The following quote from Oswald Chambers says it so well:

“You could read volumes on the work of the Holy Spirit, when five minutes of total, uncompromising obedience would make things clear as sunlight….It is not study that brings understanding to you, but obedience. Even the smallest bit of obedience opens heaven, and the deepest truths of God immediately become yours.”1

If you have a power shortage at your spiritual house—new insights, fresh revelation, and fellowship with the Spirit all seem to be shut down—I encourage you to get alone with God and ask Him to show you where you are being disobedient to His Word. If you are honest with Him, He will show you. And once He does and you become obedient—the power (and clarity) will return. Trust me on this one—I’ve been there! ~ Janie Kellogg

Small footprintKey Quote: “Even the smallest bit of obedience opens heaven, and the deepest truths of God immediately become yours.” ~ Oswald Chambers

For more Secret Place Secrets visit www.treasureinearthenvessels.net and follow the footprints.

1Oswald Chambers, My Utmost for His Highest, October 10

 

You Don’t Know What You Don’t Know August 27, 2013

Filed under: Holy Spirit — Janie Kellogg @ 12:46 pm
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The early morning light dawns and we awaken to another day. Who knows what will happen in this day—the next 24 hours? We don’t, but thankfully God does. He gives light so we can at least see where we are going.

 

Ever think about what would happen if the sun didn’t come up some morning? We would likely start our day as usual, using lights generated by a man-made power source, but eventually we would feel the strain of life without sunlight. In short, it would be devastating because light sustains life. Without it both plant and animal life would be altered, crops would fail to grow, food supplies would dry up, and our bodies would long for natural light as man-made sources diminished. All I can say is “O God, keep the light on for us!”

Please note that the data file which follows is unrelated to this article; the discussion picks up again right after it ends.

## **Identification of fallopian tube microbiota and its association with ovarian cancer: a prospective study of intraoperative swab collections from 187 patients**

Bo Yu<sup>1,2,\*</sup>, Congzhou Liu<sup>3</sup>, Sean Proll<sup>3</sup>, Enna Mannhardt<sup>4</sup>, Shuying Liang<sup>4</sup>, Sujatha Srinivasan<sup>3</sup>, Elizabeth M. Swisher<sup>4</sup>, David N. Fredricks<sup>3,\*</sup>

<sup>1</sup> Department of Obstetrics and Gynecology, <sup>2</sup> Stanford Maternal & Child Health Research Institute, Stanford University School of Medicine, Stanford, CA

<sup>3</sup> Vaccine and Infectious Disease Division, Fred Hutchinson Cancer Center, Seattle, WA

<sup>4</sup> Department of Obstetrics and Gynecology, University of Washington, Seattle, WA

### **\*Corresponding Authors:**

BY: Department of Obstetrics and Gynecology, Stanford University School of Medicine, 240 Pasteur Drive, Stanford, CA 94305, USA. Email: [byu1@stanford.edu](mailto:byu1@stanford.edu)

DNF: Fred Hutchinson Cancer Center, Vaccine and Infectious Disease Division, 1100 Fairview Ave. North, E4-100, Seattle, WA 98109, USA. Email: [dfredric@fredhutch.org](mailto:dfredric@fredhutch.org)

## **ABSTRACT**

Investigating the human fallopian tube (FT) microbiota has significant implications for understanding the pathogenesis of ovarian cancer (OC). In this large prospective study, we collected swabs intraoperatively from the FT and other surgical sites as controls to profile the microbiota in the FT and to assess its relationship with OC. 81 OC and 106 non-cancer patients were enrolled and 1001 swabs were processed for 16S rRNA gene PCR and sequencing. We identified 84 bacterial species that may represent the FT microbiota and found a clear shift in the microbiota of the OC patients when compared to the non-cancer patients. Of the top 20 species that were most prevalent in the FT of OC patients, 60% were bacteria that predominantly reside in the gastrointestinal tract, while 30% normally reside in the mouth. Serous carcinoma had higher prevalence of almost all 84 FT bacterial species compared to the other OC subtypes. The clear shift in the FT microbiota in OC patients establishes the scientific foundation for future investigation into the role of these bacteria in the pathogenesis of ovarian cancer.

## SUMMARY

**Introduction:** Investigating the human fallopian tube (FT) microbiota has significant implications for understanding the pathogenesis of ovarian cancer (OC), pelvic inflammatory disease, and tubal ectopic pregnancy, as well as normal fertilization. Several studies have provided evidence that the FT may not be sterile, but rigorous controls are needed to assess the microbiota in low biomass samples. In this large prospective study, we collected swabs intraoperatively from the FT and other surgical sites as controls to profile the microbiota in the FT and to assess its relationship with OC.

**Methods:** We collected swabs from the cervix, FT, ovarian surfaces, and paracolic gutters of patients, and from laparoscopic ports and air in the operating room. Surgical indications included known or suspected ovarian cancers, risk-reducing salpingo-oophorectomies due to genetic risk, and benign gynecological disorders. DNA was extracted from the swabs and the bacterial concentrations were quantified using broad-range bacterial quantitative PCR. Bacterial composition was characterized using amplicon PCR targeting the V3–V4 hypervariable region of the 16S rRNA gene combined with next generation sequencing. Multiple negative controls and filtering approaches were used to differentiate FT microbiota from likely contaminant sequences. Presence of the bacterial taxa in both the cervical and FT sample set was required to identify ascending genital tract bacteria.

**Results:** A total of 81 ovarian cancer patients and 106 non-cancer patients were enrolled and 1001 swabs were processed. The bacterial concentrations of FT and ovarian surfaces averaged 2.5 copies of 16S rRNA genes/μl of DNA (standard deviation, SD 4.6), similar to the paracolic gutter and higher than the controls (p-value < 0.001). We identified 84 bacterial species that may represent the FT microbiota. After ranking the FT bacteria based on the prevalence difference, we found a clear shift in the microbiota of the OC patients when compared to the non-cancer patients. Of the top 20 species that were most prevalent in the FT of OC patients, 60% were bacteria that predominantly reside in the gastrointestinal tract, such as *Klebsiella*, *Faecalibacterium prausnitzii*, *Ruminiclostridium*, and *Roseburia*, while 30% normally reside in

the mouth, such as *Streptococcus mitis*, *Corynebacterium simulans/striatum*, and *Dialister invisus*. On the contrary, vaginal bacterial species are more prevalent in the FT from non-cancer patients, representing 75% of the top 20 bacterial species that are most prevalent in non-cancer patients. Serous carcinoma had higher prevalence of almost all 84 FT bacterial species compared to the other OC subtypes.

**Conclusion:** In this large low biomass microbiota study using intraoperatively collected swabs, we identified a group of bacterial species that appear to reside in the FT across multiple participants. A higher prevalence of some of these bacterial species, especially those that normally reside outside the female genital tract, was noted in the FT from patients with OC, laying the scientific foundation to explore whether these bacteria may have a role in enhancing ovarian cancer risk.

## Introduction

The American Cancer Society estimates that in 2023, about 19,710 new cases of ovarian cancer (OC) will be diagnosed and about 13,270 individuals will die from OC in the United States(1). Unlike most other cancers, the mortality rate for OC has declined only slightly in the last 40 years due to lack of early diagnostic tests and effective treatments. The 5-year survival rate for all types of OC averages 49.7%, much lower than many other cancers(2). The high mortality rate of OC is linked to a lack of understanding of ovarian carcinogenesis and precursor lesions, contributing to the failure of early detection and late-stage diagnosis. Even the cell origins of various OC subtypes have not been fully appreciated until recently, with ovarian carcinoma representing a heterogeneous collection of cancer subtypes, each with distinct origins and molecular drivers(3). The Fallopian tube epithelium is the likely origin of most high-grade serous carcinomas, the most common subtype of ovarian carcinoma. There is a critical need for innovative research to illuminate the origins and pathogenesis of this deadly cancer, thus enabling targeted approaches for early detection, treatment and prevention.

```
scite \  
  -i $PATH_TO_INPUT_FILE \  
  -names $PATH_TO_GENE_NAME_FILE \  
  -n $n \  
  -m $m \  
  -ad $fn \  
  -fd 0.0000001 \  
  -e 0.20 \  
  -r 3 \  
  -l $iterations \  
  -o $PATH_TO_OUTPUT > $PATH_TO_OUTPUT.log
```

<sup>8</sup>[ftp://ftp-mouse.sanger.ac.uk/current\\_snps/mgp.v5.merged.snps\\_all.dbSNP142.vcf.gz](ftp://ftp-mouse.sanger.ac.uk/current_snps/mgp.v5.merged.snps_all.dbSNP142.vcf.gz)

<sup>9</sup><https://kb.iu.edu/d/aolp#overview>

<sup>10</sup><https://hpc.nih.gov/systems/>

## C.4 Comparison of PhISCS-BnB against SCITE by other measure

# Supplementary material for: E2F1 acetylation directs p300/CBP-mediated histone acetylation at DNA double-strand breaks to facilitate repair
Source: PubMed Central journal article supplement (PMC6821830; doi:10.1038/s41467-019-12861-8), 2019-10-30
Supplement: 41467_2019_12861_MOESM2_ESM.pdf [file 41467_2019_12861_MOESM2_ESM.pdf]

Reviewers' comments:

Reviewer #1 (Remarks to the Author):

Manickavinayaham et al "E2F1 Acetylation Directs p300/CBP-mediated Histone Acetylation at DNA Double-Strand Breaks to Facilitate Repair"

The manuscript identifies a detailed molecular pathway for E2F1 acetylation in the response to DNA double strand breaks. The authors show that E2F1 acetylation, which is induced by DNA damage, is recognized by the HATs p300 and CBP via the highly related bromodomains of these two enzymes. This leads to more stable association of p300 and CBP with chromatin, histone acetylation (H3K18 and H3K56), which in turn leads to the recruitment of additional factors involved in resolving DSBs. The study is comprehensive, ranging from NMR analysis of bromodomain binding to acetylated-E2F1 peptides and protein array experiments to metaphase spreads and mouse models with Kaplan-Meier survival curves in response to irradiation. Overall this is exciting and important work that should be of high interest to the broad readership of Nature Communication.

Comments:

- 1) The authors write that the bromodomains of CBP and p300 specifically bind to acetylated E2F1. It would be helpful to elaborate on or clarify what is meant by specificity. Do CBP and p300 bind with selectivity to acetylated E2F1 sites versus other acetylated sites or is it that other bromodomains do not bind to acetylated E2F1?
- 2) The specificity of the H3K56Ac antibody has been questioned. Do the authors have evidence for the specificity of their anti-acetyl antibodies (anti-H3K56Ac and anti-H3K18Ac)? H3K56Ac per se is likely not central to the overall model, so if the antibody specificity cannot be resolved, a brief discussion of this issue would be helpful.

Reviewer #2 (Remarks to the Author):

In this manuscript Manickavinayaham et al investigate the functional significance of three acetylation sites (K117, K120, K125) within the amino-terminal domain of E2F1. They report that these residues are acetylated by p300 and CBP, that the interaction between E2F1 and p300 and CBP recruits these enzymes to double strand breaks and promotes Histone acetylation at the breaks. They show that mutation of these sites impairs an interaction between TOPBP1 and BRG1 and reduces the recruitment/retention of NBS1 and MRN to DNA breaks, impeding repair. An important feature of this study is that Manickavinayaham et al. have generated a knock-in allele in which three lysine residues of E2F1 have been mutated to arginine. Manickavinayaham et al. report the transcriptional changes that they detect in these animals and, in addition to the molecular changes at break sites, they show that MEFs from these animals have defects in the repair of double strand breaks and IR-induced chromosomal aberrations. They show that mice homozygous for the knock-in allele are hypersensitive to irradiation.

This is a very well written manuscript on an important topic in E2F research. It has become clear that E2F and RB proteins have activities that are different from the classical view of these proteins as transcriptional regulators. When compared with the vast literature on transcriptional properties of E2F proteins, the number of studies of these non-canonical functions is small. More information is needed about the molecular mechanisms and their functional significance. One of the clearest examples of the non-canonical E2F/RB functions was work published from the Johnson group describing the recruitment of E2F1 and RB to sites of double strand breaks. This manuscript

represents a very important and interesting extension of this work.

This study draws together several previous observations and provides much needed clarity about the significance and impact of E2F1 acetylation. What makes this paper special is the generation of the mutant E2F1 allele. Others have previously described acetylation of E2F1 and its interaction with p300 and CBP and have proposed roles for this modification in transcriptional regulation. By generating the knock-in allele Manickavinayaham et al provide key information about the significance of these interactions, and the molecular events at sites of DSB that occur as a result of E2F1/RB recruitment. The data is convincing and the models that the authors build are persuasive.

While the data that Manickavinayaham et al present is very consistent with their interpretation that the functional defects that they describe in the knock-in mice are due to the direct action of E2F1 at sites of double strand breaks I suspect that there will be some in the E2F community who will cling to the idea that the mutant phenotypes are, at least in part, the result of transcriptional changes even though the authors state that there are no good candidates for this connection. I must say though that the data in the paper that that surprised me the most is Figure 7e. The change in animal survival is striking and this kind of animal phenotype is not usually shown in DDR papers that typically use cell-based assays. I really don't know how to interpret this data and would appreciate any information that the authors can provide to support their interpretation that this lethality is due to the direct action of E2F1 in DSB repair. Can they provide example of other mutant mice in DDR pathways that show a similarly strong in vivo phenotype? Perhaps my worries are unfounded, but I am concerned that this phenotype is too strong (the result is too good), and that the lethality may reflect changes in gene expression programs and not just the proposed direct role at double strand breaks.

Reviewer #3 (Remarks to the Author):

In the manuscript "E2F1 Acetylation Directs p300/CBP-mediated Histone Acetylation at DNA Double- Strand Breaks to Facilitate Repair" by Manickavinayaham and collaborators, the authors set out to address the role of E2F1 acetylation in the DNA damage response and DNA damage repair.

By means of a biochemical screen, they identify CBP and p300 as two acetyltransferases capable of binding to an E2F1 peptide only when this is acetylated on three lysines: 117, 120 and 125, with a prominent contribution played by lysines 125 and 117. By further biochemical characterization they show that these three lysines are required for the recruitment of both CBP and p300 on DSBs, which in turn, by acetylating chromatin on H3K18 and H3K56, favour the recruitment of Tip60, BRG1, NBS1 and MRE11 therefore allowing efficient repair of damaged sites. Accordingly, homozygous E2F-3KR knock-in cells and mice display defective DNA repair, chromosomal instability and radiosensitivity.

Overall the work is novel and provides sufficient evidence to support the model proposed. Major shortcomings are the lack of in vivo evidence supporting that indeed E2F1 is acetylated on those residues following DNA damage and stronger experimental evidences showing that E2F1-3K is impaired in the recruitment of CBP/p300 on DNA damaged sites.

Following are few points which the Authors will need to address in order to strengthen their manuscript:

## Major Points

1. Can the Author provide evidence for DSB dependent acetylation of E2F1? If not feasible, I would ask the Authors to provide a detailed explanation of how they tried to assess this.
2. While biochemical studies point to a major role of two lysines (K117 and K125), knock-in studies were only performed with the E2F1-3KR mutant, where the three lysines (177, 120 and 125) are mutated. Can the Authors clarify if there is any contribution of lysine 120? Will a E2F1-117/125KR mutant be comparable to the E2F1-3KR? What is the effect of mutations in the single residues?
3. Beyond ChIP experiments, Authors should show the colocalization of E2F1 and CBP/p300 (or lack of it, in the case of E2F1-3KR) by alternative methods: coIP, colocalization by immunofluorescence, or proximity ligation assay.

Our spiritual life is equally dependent on God for light. It has been many years since I began my quest for spiritual light. I describe it as my pursuit to find God. Yet, the truth is that God has actually been pursuing me, attempting to pry me loose from the world, the love of it, and the world’s way of thinking.

 

I have wanted loose. It just isn’t that easy. But gradually, I feel its hold on me giving way. Blinders are beginning to fall at my side and the puzzle pieces are coming together. Spiritual light sustains life too, and I really do need to see where I am going.

 

Susan Klein writes: “You don’t know what you don’t know. What else have I been missing all my life because I’ve been trusting in my own insight rather than trusting God?”1 (Read that again.)

 

How many of us are courageous enough, or better yet, humble enough to admit that we don’t know it all? The next question is equally challenging: If we know that we don’t know what we don’t know, then shouldn’t we be looking for it?

 

In politics we often hear the term “failed policies.” You know, some politician has a plan to improve things, but instead things get worse. That, my friend, is a failed policy.